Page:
With Microsoft sprucing up Memphis before sending it out into beta test, the company has previewed some new features in the follow-on to Windows 95 to a crowd of developers at a major trade show.
"The beta for Memphis isn't going to be like 95," said Microsoft's Bernard Wong, the presenter at a session on Memphis and NT 5.0 Workstation here at the TechEd 97 developers conference. "Everyone and his brother, sister and cousin is not going to have it - it'll go out to only about 10,000 people."
The Memphis beta is due out in about a month and will get into the hands of manufacturers in the fourth quarter of the year, while Windows NT 5.0 Workstation will likely be released next year, according to Wong.
One new Memphis and NT Workstation feature that drew applause from the developer crowd here was support for multiple displays from a single CPU. This allows a user to click and drag windows among several different monitors to prevent one monitor from getting overcrowded.
The demonstration also showed that users will be able to set different screen resolutions for different monitors, a feature that will be especially useful for Web developers who want to see what a page would look like on monitors of different resolutions and color settings, said Wong. The number of monitors supported is limited only by the number of PCI cards supported by a system, he said.
Another feature previewed for the first time was Memphis' client-side, file-caching features. Client side caching lets users call a file from the network server using an Organizer feature and store it in the local hard drive when they disconnect their PCs.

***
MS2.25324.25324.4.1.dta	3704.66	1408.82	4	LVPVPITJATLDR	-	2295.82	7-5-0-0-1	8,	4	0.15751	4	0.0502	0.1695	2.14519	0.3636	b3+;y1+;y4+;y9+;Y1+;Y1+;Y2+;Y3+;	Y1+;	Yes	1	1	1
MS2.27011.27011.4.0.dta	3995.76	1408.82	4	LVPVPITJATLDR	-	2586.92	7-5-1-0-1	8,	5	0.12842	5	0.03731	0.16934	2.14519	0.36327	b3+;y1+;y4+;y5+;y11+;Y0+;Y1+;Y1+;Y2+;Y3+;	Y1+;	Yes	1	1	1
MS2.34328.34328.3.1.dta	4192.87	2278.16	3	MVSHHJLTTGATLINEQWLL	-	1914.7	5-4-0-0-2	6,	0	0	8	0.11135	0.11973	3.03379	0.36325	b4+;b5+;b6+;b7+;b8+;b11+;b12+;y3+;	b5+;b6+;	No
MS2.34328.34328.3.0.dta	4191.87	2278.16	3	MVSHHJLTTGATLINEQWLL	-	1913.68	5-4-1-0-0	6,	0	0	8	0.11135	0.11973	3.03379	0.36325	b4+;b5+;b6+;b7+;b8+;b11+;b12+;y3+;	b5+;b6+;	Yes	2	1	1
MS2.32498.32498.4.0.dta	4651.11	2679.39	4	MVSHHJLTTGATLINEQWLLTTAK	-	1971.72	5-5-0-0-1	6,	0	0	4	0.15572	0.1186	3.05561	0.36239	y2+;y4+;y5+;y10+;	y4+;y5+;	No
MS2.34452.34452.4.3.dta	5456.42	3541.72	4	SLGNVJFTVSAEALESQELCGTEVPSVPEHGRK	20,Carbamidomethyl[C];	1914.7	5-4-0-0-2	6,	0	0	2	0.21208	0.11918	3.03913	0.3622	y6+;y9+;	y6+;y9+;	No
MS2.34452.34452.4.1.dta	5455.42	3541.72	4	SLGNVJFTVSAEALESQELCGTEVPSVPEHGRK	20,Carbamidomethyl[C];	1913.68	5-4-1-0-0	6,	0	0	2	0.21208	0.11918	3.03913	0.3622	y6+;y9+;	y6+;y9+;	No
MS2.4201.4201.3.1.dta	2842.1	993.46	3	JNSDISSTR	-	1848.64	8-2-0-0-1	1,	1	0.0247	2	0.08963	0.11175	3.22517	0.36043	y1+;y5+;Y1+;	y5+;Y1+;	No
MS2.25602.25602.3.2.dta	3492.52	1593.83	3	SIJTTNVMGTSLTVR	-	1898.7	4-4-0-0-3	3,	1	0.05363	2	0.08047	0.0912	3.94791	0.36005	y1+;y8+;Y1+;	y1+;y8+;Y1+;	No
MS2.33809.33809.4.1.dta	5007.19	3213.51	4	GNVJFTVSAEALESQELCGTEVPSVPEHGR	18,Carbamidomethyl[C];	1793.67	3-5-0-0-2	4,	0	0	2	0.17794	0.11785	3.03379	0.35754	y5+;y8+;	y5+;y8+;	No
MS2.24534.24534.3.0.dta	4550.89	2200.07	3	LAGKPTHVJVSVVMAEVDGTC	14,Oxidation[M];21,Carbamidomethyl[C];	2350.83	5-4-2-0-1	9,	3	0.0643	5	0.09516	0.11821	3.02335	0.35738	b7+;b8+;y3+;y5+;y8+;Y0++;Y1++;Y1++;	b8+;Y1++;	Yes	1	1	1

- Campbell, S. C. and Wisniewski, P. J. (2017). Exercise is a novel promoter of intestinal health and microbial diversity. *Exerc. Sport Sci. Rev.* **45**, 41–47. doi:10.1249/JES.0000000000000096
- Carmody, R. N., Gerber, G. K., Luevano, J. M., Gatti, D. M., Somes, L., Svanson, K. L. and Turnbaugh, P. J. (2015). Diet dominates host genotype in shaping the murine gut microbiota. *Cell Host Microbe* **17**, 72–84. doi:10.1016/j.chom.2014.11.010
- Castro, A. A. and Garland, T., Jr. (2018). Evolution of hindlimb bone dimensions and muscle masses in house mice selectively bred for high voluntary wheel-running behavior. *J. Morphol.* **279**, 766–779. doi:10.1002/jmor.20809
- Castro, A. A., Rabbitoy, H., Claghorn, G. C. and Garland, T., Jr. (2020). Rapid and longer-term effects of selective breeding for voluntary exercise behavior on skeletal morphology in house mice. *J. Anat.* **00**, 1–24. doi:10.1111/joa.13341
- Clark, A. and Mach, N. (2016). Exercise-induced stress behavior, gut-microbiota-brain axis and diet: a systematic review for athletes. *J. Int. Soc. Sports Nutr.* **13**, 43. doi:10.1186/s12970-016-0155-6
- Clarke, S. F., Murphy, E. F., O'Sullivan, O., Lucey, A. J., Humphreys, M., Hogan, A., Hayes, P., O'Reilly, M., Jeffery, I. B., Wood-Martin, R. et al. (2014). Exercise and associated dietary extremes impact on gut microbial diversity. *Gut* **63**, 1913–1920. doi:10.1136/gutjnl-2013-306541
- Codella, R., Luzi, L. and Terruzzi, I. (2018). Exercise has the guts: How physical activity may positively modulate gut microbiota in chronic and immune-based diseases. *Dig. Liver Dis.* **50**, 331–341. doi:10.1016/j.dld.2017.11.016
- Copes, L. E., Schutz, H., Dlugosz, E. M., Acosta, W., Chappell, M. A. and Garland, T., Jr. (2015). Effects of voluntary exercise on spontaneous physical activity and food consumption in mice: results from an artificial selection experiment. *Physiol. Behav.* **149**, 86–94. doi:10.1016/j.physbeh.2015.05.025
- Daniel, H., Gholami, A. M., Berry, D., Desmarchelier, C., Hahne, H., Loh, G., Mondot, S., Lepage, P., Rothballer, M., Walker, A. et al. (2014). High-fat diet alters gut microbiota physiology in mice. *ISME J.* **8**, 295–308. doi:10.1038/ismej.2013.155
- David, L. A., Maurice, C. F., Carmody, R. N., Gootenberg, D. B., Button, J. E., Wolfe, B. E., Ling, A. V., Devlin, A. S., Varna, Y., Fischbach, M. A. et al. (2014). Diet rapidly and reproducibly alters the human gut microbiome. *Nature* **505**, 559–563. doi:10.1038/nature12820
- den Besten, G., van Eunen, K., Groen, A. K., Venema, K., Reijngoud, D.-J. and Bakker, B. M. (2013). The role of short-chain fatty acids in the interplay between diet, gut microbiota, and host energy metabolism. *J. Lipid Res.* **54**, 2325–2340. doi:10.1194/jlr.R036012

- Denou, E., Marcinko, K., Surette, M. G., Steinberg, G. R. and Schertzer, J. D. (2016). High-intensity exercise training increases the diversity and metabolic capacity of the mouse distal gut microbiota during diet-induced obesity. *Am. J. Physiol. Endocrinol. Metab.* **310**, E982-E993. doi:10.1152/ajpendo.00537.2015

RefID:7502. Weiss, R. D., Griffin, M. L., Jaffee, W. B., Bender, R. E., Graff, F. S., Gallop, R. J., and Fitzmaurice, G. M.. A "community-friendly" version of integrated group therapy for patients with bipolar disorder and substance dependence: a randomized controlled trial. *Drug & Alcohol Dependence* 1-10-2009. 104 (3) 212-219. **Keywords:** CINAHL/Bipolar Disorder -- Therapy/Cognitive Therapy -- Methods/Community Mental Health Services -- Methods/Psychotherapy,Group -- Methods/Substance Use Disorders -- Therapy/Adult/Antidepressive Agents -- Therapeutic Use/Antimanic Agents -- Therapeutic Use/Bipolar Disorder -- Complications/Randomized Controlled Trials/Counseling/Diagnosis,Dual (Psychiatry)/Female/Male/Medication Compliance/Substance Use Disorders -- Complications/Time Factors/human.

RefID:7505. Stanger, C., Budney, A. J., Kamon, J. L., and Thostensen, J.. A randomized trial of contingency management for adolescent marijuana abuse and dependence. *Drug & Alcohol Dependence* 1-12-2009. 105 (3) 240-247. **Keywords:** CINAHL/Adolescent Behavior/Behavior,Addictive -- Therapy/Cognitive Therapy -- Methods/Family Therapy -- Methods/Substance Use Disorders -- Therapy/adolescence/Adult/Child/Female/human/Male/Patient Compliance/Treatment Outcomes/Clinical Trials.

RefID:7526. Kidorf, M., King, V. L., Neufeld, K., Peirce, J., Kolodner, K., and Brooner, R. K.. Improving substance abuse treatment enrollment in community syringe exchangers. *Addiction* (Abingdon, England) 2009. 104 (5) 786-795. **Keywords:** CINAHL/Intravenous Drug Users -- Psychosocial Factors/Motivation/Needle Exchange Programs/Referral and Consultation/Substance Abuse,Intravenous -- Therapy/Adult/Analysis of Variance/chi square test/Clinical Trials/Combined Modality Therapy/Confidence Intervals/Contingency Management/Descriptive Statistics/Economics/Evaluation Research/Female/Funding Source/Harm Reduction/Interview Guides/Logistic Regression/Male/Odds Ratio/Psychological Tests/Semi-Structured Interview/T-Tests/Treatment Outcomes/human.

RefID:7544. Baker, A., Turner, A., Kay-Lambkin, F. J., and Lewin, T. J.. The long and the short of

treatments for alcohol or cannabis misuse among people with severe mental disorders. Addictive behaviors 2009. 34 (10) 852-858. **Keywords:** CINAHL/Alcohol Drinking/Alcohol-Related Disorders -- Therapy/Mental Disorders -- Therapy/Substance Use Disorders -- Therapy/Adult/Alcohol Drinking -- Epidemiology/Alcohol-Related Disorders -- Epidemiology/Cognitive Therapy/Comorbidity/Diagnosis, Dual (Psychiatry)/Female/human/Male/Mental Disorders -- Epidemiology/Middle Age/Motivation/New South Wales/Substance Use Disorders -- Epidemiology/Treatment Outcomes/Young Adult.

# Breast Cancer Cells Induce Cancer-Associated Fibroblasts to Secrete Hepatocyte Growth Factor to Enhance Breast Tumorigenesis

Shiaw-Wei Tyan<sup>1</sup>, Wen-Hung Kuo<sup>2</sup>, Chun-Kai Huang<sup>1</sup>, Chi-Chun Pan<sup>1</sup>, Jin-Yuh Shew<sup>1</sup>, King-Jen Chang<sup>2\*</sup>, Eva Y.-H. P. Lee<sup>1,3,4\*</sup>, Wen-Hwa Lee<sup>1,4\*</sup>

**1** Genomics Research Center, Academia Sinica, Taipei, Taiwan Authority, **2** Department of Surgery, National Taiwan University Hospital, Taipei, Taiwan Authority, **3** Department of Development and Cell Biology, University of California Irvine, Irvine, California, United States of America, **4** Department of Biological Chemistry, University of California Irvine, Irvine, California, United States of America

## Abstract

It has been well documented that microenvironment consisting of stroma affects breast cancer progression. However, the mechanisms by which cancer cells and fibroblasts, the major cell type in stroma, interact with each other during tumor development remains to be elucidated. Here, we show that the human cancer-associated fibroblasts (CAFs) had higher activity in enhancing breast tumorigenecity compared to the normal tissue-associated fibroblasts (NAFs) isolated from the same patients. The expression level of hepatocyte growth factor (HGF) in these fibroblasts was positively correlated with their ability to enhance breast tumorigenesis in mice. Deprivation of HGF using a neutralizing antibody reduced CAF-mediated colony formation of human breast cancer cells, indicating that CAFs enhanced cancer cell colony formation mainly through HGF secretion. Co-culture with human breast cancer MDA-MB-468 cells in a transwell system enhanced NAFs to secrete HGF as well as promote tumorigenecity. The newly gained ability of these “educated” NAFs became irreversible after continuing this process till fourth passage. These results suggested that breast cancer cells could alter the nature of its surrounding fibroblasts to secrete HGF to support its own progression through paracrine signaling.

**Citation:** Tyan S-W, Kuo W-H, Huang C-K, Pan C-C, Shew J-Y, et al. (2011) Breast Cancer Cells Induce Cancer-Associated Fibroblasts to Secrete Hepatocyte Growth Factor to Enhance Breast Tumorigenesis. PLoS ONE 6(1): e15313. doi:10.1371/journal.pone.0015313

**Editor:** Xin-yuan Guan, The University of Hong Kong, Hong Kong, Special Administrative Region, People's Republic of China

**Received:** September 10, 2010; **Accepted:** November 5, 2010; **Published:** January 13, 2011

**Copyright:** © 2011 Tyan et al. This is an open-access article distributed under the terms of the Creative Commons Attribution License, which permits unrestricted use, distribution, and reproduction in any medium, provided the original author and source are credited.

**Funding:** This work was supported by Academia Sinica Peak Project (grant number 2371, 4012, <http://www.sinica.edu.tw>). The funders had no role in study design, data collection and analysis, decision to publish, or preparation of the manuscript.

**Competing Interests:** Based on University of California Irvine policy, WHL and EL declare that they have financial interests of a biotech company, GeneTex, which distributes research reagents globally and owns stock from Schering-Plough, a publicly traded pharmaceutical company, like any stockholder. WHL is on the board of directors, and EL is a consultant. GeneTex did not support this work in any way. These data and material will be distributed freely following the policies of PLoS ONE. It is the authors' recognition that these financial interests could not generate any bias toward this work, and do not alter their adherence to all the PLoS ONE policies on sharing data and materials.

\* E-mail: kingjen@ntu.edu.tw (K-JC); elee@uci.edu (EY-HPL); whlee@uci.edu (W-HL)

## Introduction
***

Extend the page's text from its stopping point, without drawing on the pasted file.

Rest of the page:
Users can change the locally stored version of the file, and then, when the PC links back up to the network, the modified version will automatically replace the version stored on the network server. Multiple changes made to a file by several users are tracked and managed through time and date stamping, but there is currently no feature that would allow a network administrator to give one user's edits default priority over those done by another user, Wong said.
Another set of features previewed by Wong was what he called "broadcast PC" and "enhanced TV" capabilities. These let Windows receive TV broadcasts, and allow users to run a window with a TV broadcast next to a window with additional content about the TV broadcast. For example, while a movie is being played in one window, information about the actors can be displayed in another window.
"It gives us the capability of using the broadcast PC as a means of delivering a lot more than just your standard television fare," Wong said. "You'll now have the capability of having an electronic formatting guide, so that regardless of whether you're hooked up via a satellite dish or via cable, you can now put through a query against the database of all those channels to see what's playing."